Knowing the rules to 529 accounts
Q. I have what should be a simple question, but even the state can’t give me a definitive answer. Say I have qualified education expenses of $10,000 and I take a withdrawal of $10,000 from a 529 Plan, and $1,000 are earnings. For my federal return, I claim the full $2,500 American Opportunity Tax Credit (AOTC) based on $4,000 of the Qualified Education Expenses. According to the guidelines, my qualified expenses are reduced by $4,000 to $6,000, so I need to pay taxes on $400 of the earnings to the feds. But what about the state? Do I need to report $400 of the earnings to the state on line 15a, or are none of the earnings taxable for the state?
— Not sure
A. We’re glad you asked. Tax-free college accounts can be confusing when mixed with other tax benefits.
The Economic Growth and Tax Relief Reconciliation Act of 2001 turned 529 plans from tax-deferred college savings plans into tax-free college savings plans, said Cynthia Fusillo, a certified public accountant with Lassus Wherley in New Providence.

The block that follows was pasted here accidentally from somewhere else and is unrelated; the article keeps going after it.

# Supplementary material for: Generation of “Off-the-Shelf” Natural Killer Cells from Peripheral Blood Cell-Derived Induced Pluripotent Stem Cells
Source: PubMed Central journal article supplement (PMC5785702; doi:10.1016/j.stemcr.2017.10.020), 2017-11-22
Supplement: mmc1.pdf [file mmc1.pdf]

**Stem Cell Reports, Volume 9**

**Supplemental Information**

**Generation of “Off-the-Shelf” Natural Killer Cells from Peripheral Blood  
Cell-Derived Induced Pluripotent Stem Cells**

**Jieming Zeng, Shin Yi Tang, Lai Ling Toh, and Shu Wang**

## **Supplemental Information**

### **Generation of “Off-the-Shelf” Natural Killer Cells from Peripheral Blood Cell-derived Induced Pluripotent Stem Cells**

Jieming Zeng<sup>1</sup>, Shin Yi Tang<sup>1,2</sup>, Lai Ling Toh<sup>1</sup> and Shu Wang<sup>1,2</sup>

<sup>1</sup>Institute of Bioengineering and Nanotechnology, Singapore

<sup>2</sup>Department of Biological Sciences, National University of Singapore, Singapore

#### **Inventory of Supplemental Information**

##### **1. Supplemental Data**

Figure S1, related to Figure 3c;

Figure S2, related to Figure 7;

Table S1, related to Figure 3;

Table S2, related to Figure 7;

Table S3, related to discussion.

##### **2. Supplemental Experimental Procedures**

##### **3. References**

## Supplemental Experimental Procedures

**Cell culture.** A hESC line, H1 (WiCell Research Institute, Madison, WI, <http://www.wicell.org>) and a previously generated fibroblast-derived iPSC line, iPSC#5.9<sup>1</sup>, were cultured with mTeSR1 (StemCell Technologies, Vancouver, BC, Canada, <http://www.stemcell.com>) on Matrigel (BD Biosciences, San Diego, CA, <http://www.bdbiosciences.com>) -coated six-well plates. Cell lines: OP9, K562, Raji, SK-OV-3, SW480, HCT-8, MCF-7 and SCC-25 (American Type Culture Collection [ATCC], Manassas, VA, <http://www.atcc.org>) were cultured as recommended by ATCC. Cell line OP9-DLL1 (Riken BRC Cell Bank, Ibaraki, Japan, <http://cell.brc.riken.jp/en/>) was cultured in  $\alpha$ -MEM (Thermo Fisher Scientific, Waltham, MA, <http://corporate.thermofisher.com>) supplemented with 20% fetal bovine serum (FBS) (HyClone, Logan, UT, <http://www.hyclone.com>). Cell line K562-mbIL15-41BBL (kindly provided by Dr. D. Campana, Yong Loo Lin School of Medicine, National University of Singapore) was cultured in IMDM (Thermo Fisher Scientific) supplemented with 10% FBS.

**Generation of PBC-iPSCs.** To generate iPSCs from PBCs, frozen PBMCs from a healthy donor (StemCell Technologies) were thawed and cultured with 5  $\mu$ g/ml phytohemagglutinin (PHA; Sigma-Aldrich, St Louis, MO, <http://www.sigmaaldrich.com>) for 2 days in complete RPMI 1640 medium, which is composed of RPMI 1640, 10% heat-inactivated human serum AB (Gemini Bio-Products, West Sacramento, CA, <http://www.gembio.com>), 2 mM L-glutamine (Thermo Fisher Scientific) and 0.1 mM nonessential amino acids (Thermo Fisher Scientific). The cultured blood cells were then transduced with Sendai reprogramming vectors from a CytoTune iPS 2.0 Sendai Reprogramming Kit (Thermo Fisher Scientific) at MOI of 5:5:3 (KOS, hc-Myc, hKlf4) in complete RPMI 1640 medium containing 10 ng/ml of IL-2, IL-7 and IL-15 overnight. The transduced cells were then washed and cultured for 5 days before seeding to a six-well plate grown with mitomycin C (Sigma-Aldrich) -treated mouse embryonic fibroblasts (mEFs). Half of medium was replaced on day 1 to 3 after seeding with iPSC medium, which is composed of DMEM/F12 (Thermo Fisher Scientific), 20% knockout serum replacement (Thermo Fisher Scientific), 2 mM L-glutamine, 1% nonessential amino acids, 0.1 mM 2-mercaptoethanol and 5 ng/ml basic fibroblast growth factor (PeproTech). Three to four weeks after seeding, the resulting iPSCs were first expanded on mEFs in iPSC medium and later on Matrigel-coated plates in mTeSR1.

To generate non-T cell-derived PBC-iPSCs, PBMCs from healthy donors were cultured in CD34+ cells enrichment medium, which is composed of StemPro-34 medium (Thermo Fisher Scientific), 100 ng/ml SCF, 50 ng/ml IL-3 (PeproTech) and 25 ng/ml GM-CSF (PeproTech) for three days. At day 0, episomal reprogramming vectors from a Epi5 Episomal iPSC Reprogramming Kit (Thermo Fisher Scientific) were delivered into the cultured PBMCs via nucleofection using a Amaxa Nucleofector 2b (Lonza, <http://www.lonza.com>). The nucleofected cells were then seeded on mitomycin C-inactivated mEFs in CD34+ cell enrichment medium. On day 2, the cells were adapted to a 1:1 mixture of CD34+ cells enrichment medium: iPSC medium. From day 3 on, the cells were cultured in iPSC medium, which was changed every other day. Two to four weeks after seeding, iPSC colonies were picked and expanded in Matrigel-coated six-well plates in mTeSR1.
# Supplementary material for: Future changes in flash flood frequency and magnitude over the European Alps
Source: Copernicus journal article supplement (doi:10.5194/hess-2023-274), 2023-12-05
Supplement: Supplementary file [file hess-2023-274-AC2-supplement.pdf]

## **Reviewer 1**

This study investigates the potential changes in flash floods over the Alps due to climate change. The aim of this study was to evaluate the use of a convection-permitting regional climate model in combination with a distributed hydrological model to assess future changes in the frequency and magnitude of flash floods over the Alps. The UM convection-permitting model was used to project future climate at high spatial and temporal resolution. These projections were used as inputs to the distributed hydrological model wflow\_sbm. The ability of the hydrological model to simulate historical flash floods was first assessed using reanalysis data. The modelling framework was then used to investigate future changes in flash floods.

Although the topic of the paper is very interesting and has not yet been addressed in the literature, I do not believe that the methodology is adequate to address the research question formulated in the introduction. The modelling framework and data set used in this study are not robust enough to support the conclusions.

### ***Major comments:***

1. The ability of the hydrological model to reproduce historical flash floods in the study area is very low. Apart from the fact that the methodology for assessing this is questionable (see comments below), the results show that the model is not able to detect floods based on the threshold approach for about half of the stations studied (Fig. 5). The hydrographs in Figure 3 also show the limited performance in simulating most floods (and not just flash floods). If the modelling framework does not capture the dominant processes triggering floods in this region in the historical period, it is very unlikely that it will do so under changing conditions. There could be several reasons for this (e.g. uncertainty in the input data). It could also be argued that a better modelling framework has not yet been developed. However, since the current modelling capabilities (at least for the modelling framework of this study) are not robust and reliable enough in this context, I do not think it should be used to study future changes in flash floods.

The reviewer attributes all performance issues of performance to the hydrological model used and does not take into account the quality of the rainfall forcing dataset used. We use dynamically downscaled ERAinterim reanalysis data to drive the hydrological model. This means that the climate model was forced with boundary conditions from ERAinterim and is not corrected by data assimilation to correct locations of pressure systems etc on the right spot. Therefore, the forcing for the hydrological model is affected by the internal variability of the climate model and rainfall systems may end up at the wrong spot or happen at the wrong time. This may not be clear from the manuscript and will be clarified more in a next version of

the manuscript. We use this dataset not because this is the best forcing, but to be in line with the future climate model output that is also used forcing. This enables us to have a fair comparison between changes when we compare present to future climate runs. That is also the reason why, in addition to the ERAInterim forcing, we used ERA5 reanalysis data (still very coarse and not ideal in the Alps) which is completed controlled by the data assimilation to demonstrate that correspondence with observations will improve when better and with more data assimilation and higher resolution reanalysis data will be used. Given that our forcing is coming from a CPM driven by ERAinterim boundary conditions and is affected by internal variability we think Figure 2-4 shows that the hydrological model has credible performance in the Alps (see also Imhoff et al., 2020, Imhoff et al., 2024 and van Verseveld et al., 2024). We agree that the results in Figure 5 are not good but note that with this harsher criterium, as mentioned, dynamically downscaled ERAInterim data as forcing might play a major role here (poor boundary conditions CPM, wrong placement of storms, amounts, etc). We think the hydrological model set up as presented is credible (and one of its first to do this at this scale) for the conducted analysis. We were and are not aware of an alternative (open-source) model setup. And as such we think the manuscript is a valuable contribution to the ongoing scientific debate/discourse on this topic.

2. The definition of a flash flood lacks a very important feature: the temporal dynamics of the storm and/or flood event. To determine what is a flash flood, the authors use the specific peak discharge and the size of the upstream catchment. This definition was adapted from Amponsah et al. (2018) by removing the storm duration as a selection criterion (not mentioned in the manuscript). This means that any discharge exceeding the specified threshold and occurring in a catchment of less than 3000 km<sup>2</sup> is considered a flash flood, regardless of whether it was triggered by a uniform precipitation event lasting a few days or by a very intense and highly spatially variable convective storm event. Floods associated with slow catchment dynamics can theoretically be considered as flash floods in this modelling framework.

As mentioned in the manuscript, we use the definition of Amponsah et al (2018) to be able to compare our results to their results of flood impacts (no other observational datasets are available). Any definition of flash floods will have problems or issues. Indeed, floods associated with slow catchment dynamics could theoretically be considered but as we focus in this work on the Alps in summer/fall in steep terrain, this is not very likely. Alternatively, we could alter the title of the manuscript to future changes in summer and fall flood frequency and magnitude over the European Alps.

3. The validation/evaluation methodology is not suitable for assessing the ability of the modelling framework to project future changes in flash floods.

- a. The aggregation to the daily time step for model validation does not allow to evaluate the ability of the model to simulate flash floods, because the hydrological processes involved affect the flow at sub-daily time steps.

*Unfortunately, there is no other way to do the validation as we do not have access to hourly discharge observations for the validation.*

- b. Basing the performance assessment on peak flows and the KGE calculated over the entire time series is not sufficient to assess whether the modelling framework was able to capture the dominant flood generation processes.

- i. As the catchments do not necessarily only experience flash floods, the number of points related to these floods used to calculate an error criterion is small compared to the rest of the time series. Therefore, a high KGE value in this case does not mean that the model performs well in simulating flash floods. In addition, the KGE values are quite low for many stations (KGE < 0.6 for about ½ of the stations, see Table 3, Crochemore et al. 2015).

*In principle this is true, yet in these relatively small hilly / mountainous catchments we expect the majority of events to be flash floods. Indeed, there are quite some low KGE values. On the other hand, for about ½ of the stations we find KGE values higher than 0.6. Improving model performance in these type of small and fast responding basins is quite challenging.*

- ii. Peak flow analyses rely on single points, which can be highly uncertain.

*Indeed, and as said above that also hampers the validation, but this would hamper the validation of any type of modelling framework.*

She said what this means that withdrawals from such plans, including earnings, are tax-free if used for qualified tuition expenses. Today over $205 billion is invested in these plans.
There is no “double dipping” allowed for federal income tax purposes, Fusillo said, meaning you can’t use tax-free money for college expenses and then take a deduction or credit for those same expenses.
“You must, as you said, report a pro-rated portion of earnings as taxable when you get the benefit of the American Opportunity Tax Credit,” she said.
Section 54A: 6-25 of the New Jersey Gross Income Tax Act (revised statutes) states that gross income shall not include qualified distributions from a state tuition program, (including plans pursuant to section 529 of the Internal Revenue Code), Fusillo said.
“Qualified distributions include those used for qualified higher education expenses,” Fusillo said. “Since New Jersey does not offer credits for higher education expenses there is nothing to pro-rate and your earnings distribution would be non-taxable.”
For informational purposes, Fusillo said, other non-taxable qualifying distributions for New Jersey are a rollover from one account to another or a change in designated beneficiaries of an account.
Karin Price Mueller writes the Bamboozled column for The Star-Ledger and she’s the founder of NJMoneyHelp.com. Click here to sign up for the NJMoneyHelp.com weekly e-newsletter. Like NJMoneyHelp.com on Facebook and follow it on Twitter.